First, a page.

I was advised to study the intellectual defense of Trumpism here, at the Journal of American Greatness. You might find it interesting. Bump up the typesize on your browser; for some reason they seem to think readers are 3 inches from the screen with a jeweler's loupe.

Just because it's tedious doesn't meant it's wrong. (They hate Kevin Williamson, but they might take note of the power of energetic writing.) It's as good an account of Trumpism as you'll find, but as I said in a comment somewhere around here, the authors seem to have a remarkable amount of confidence that Trump will implement the philosophy they have named after him. The last time I saw this much projection on a blank object my ticket said IMAX.

This they seem to know:

Reinsch opens with the well-worn complaint that I am "more intent on making Trump to be the candidate he wants, as opposed to the vulgar brute that he is." To which we say, yet again, that is exactly what we are doing and thanks for noticing.

 

Trumpism, as they describe it, is National Greatness. They cite the paleos - Buchanan and Sam Francis, presumably without the latter's fears of race-mixing and letting the blonde stock sleep with the lower dusky sorts. The authors harbor a general and specific animus towards the commutariat, the Davos crowd, the rootless internationalist, and there's a familiar tone of the faculty-lounge envy in their work. It's not so much rule by elites they don't seem to like it's rule by the wrong elites. But we'll get to that.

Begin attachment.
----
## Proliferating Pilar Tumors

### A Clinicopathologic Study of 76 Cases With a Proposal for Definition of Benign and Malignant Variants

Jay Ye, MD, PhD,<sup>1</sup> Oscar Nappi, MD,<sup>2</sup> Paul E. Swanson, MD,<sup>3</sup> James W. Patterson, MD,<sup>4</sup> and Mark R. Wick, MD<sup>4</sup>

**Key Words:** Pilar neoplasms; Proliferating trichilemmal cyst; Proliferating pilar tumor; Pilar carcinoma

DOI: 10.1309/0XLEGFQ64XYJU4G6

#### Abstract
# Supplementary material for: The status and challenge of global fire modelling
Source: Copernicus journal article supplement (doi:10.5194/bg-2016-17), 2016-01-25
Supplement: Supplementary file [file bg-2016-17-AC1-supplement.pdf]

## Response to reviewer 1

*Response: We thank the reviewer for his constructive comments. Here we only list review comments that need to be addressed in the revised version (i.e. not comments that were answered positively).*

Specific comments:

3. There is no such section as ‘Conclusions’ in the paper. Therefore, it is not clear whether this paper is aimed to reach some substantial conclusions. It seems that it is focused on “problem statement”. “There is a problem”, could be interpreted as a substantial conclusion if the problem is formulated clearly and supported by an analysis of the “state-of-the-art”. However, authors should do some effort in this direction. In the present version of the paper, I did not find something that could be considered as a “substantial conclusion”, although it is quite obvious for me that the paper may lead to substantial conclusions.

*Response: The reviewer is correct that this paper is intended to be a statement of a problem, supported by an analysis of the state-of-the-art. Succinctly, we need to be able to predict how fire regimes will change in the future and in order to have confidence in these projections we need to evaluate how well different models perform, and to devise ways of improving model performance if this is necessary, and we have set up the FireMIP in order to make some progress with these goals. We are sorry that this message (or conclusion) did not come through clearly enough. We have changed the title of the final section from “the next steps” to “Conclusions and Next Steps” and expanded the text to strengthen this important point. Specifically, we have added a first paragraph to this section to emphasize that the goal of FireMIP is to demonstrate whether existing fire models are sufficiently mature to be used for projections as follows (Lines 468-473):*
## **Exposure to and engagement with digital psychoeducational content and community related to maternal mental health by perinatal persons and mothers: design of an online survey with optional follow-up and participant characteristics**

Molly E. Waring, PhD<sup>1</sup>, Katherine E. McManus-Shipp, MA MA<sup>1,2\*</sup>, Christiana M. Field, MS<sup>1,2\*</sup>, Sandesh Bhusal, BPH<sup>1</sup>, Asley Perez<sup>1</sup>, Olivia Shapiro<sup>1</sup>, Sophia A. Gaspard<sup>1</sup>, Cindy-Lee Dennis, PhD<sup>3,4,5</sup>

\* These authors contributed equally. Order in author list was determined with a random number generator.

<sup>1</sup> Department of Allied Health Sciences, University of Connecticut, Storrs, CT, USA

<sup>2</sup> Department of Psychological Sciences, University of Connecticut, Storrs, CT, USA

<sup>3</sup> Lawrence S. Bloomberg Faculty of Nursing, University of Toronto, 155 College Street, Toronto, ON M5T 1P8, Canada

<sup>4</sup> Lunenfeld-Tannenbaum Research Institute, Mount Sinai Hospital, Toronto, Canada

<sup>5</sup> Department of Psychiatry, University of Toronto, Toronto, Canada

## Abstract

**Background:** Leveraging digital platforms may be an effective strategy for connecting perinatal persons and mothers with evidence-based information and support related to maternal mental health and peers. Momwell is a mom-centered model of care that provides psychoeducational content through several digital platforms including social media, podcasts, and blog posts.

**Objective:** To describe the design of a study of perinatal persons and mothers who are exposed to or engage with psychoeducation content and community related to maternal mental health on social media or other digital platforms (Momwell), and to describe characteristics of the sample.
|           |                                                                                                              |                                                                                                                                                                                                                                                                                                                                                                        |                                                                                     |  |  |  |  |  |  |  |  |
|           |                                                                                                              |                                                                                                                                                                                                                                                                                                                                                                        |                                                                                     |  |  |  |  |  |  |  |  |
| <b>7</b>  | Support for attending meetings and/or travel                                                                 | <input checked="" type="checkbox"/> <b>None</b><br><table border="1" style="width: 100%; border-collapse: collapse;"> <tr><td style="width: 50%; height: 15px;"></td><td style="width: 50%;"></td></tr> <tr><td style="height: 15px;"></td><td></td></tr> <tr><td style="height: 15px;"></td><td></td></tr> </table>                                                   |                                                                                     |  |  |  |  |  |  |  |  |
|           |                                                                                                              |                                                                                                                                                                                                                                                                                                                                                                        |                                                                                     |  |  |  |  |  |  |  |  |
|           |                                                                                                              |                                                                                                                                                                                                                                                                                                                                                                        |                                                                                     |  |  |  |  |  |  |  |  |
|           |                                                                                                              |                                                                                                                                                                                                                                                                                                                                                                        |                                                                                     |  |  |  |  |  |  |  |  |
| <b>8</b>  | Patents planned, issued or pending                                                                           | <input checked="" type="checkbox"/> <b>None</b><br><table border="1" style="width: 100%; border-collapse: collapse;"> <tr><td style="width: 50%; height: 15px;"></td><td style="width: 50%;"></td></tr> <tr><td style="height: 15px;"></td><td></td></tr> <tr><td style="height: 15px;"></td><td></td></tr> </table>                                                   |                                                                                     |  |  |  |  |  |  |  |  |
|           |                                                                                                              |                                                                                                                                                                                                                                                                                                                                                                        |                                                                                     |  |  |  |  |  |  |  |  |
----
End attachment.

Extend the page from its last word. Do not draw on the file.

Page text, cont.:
Two points stuck out. From the ABOUT page:

We support Trumpism, defined as secure borders, economic nationalism, interests-based foreign policy, and above all judging every government action through a single lens: does this help or harm Americans?

As the authors perhaps might admit, this is an oversimplification. Something cannot be good for all Americans, but good in general for the majority. It would be good for the majority to confiscate the annual accumulated wealth of anyone who makes more than $50 million a year, and distribute it in the form of vouchers redeemable for fruit. Of course that is not what Trumpism proposes, but when you start to introduce utilitarian calculations, then any sort of action that troubles a minority but benefits the majority is possible - and once you admit that, then the justifications for proscriptions are easily summoned.

There's no time frame for the "goodness" that actions might bestow, which means all sorts of things might be good. It is good for Americans to forgive all mortgages. It is good for all Americans to make college free. It is good for Americans to provide universal high-quality health care. It is good! For a while. Then it isn't.

Absent from their manifesto is the idea that the something Good for Americans might necessitate the expansion of the State. Perhaps because that doesn't seem to trouble them. A strong state is required for Greatness. They're all about Greatness.

But there's Greatness, and there's Goodness.

You can be good without being great – indeed America was good before it was great, maybe the first time a the nation became great because it was good. Putin's Russia aspires to be Great as the Soviet iteration; it would not be good. China is great, and its rise has allowed some new freedoms, but it has not cohered into an instrument that fosters liberty.